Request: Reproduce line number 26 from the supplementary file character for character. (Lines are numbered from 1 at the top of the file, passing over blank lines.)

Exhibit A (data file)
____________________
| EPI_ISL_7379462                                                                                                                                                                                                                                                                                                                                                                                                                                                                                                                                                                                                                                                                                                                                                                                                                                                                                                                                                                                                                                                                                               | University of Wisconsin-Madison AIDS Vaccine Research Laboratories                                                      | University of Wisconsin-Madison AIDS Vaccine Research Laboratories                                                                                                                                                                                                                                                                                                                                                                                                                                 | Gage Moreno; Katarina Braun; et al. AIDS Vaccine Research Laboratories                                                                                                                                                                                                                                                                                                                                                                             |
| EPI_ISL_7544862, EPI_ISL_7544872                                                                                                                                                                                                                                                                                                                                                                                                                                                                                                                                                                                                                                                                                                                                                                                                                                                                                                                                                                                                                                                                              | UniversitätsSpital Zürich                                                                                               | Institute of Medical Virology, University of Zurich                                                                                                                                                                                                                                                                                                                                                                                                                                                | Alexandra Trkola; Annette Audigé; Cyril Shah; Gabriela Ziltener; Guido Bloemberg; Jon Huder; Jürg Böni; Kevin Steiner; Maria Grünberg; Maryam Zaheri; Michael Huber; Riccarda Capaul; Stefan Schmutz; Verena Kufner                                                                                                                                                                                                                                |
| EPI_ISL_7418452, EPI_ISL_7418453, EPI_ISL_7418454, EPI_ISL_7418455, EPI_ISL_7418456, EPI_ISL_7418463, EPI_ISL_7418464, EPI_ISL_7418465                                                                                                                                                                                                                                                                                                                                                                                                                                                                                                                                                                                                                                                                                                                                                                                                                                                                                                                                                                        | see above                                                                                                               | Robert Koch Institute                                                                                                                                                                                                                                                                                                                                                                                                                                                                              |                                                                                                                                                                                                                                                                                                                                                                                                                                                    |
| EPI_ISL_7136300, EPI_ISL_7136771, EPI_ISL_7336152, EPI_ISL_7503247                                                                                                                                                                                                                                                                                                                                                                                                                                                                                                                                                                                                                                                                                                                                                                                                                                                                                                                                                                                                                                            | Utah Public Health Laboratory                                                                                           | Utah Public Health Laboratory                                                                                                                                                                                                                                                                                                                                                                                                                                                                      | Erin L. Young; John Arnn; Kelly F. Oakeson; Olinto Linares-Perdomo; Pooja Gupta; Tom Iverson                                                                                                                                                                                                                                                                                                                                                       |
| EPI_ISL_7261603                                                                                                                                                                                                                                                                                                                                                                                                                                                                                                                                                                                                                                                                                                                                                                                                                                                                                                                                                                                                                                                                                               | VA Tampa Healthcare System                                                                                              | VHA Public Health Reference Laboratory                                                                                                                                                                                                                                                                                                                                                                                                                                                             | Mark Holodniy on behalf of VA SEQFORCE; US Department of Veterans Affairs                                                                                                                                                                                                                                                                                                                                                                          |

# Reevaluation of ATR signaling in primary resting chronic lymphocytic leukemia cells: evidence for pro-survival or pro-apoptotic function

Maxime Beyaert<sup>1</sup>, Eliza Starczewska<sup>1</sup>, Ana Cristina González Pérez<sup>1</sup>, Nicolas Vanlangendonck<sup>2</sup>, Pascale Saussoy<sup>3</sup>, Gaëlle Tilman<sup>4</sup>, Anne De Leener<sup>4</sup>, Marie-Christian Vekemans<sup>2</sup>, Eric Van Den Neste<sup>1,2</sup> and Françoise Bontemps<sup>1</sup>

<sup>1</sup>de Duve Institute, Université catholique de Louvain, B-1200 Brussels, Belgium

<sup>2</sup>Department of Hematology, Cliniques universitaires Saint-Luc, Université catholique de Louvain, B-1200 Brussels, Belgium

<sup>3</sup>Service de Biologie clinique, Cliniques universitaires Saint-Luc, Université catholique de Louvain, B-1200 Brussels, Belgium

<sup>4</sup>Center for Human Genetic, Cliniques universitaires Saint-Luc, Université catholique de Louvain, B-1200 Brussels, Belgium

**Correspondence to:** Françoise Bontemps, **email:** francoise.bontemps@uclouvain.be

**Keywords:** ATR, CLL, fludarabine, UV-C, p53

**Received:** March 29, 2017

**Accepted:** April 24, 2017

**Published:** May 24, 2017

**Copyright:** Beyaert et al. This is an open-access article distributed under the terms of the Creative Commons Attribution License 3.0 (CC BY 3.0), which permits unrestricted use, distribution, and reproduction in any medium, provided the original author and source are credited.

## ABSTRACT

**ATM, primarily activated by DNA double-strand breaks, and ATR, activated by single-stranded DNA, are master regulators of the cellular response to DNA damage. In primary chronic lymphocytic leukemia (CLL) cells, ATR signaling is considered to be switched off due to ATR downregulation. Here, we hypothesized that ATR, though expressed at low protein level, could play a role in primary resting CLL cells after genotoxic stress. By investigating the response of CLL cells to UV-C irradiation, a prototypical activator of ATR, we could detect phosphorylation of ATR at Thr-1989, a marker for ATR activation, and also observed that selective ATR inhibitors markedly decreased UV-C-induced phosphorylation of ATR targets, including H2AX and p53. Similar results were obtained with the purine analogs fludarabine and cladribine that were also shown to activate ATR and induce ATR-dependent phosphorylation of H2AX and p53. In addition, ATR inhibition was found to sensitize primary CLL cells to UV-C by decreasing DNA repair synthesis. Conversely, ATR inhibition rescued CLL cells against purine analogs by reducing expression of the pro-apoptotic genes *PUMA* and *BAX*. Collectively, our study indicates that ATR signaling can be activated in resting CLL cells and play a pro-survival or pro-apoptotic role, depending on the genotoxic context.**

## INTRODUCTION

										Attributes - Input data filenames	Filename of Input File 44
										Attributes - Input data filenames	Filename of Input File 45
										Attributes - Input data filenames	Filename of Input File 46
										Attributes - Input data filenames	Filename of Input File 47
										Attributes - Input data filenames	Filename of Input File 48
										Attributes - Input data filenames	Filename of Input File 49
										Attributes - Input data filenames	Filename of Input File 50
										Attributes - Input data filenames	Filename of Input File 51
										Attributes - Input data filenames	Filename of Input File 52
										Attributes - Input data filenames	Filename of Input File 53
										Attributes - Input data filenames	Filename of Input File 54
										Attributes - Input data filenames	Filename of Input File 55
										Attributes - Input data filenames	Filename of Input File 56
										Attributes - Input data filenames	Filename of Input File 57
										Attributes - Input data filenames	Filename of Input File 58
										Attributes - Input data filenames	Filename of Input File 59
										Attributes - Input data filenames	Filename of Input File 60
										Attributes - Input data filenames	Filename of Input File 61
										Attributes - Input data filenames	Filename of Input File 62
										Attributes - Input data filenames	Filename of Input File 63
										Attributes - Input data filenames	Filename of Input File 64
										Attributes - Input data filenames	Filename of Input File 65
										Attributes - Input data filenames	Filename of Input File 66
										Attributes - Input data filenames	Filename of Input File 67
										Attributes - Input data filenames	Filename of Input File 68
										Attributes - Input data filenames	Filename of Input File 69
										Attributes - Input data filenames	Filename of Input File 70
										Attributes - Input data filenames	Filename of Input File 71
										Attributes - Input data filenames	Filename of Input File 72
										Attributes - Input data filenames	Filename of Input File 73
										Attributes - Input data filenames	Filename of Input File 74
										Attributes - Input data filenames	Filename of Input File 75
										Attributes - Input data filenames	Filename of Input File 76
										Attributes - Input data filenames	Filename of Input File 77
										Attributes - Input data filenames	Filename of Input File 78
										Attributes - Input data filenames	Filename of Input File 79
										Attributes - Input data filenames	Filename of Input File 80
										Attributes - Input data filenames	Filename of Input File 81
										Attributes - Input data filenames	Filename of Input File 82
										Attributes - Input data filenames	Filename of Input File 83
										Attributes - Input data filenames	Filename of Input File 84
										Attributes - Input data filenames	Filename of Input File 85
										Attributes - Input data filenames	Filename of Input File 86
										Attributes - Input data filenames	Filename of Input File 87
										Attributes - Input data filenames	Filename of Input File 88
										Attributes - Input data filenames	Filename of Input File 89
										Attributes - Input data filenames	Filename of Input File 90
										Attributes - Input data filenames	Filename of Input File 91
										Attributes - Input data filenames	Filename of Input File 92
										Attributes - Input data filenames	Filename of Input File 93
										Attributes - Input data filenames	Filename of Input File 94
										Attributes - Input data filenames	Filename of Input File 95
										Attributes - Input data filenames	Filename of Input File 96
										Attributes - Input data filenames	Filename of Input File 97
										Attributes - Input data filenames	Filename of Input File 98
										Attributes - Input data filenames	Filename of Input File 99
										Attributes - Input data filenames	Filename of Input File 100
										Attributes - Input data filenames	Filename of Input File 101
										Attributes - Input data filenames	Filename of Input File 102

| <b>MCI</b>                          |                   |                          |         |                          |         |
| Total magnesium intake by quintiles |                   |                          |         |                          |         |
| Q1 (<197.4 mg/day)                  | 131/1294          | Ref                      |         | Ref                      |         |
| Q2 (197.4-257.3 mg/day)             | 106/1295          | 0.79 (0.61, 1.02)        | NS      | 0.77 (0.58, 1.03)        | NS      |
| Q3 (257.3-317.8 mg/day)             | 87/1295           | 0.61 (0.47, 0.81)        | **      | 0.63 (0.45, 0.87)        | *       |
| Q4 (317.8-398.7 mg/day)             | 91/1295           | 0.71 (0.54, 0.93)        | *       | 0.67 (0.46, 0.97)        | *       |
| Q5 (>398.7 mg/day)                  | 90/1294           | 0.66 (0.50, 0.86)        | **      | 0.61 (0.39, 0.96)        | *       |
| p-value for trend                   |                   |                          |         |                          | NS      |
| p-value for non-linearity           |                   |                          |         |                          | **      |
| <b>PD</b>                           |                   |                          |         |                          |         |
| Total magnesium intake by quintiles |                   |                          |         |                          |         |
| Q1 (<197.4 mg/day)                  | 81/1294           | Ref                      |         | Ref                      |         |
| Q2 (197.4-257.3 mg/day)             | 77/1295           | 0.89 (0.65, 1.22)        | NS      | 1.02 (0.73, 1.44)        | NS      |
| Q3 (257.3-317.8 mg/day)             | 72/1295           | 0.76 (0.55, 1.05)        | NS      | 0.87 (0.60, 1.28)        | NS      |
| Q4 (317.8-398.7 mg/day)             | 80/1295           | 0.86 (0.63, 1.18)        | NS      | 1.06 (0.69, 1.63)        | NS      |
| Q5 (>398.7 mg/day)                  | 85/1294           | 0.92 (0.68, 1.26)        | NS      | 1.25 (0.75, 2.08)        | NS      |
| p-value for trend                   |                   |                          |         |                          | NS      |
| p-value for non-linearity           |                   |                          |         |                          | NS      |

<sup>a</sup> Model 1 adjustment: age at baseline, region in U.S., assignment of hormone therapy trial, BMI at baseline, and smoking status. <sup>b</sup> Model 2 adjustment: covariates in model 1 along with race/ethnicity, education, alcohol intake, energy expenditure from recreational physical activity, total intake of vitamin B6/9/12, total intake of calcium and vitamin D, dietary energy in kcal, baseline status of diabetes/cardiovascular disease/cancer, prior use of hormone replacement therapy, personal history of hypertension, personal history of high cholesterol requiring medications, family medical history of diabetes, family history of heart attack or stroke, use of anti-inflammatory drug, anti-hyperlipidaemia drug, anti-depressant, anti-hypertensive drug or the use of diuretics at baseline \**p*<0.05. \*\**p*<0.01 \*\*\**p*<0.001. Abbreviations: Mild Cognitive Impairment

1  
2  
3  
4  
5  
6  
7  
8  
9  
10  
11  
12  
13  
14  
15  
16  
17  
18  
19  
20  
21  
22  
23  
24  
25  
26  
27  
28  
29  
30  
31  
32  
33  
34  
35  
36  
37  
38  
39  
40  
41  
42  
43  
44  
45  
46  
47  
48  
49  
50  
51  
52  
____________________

										Attributes - Input data filenames	Filename of Input File 49